MyClass* instance = new MyClass;
(Oh, and the usual admonition: Once you have a better idea of how memory management in C++ works in general, use RAII containers where appropriate rather than doing manual clean-up as you are currently.)

[Edit: One more note - since the variable instance will go out of scope when main() exits, you don't need the line 'instance = 0;' at the end of your main() function.]

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One more thing: even though they are usually used together, pointers and new/delete operators are not tied together.

So, take for example the following code (don't take it as an good example, as it contains bad code, only take it as "it can be done").


void aFunction()
{
new int; //we allocate an integer from the heap
int* pOne = new int;

int* pTwo = pOne; //pTwo actually point at the same place in memory as pOne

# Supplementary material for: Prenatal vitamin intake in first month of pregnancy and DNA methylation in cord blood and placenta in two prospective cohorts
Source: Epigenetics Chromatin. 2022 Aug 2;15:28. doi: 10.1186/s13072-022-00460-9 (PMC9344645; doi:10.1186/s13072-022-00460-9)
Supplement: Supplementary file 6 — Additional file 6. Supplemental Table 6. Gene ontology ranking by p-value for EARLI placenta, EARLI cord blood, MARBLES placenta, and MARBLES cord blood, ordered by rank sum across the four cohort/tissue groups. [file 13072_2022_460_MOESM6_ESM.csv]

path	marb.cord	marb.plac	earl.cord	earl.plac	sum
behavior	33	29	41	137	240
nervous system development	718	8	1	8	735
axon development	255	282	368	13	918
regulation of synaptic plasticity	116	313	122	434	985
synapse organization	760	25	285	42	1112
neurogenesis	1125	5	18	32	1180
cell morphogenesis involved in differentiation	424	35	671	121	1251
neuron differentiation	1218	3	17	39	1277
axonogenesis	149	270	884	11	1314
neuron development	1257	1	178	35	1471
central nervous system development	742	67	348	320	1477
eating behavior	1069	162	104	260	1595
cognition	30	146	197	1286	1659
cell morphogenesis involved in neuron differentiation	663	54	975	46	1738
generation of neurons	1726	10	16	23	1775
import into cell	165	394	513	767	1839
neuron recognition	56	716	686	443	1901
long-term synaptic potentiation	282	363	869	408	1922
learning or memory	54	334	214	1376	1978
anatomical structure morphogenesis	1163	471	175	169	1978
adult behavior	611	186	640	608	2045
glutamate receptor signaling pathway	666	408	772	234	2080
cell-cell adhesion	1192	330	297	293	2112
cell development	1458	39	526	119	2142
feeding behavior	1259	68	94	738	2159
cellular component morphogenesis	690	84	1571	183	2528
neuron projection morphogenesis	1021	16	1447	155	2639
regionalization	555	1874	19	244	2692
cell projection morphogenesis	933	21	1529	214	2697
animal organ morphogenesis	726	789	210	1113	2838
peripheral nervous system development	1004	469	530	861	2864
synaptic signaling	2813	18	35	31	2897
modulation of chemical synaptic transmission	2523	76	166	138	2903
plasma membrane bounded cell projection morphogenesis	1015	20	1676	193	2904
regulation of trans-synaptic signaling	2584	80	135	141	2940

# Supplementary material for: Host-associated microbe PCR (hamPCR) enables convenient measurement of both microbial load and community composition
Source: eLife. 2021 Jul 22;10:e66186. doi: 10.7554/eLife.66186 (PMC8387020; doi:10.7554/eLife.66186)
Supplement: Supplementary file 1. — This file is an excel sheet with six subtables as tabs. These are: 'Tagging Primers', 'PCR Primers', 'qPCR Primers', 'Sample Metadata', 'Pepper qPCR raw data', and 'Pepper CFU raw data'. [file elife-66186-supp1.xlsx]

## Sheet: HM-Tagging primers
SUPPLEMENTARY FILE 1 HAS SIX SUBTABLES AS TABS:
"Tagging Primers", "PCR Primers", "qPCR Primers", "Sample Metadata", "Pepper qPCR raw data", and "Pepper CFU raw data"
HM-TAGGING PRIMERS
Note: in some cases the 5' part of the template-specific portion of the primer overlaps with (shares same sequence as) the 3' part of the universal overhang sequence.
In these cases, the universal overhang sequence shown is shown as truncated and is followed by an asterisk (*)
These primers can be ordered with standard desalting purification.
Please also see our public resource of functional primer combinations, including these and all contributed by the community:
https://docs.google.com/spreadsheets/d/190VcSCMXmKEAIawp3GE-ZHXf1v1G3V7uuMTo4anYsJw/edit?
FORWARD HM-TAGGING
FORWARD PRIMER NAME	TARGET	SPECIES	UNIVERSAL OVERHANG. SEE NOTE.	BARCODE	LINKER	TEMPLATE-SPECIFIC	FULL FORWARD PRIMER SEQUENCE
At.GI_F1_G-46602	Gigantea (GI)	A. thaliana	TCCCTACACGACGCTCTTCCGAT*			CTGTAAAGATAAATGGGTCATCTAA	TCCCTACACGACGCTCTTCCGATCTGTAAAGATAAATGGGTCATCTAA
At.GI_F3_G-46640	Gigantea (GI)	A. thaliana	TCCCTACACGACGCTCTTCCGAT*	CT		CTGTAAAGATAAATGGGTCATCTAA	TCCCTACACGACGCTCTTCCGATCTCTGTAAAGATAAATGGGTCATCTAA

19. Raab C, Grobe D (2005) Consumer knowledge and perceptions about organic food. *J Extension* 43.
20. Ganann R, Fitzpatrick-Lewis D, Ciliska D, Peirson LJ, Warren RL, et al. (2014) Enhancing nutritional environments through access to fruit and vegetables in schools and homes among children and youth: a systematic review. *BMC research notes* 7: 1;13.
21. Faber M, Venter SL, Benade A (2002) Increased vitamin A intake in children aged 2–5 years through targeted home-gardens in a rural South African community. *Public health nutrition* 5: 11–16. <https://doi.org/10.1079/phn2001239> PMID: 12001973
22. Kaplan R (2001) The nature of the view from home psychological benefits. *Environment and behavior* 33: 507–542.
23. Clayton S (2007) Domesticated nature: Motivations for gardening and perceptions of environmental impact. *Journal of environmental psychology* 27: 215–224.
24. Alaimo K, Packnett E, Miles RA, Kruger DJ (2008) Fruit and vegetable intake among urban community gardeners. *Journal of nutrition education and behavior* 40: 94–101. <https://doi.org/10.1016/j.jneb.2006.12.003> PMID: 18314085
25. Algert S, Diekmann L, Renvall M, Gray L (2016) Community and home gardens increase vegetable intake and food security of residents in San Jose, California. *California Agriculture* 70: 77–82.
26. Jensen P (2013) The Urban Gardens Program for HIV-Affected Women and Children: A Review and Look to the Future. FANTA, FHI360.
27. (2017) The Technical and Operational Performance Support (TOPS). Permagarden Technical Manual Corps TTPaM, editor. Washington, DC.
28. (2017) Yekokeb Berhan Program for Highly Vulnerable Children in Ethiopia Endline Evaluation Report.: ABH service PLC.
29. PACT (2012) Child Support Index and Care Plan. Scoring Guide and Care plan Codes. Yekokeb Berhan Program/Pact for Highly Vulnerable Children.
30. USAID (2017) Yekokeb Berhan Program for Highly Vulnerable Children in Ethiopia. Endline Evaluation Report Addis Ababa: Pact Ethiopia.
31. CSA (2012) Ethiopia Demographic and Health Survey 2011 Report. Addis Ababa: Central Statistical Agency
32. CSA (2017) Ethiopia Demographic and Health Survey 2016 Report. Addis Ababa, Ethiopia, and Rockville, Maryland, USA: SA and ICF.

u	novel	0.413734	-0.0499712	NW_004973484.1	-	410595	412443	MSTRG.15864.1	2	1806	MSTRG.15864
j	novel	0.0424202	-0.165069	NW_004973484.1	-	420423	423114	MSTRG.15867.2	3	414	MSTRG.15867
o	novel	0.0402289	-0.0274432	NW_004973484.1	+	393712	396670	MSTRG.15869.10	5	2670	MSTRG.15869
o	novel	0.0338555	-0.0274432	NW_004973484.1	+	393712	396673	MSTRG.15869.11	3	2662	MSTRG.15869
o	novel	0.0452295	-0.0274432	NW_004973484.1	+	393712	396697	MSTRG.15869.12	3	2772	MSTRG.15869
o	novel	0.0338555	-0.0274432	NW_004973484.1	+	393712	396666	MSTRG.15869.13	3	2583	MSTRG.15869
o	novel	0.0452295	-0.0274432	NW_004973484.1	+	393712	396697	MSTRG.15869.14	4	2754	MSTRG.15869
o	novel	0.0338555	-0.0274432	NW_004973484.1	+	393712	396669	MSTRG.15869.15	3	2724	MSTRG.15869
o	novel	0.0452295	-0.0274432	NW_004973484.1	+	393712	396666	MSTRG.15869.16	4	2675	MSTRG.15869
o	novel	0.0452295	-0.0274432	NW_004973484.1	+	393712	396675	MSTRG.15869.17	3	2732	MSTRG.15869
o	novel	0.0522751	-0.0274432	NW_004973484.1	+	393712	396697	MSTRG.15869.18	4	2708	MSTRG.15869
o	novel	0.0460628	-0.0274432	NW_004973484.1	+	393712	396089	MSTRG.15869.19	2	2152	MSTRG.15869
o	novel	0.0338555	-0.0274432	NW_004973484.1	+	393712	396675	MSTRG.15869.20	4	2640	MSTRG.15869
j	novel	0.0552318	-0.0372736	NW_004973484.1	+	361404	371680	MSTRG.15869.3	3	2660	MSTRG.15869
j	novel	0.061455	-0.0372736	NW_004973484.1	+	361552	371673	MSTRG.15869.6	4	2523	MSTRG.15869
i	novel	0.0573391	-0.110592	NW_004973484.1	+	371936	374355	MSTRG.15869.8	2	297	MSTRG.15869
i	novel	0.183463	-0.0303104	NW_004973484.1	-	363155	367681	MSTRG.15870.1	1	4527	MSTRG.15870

*pOne = 1; //and, because of that, *pTwo is 1 as well

for(int i=0;i<10;++i)
{
if(i%2==0)
*pOne++
else
(*pTwo)++;
}
// now, you'd think that because, at the beginning of the for loop, the pOne and pTwo pointed at the same place in heap
//and the loop runned for 10 times, both pOne and pTwo would still point to the same place in memory,and the value of both *pOne and *pTwo is 11
//but this in not it. *pTwo is 6 and *pOne is... we don't know

delete pOne; //this is bad, really bad
delete pTwo; //this releases the heap allocated by the line int* pOne = new int;
delete new int; //an pathetic attempt to release the heap memory allocated by the first line of this function (new int;)
}




Now, what happened is as follows:

The line (*pTwo)++ does what we're expecting of it and that is increases by one the value stored on the heap that the pTwo pointer points at. But *pOne++, due to the order the operators are evaluated, first increases the value of pOne (the value of the pointer itself) by evaluating pOne++ and then, using the new value of pOne, returns whatever value is stored on the heap in the location that the pOne pointer now points, by evaluating the * operator. That is why, after the for loop, *pTwo still points to the variable we allocated on the heap and that has the value increased 5 times (so now it's 6) and pOne points to somewhere else in the memory.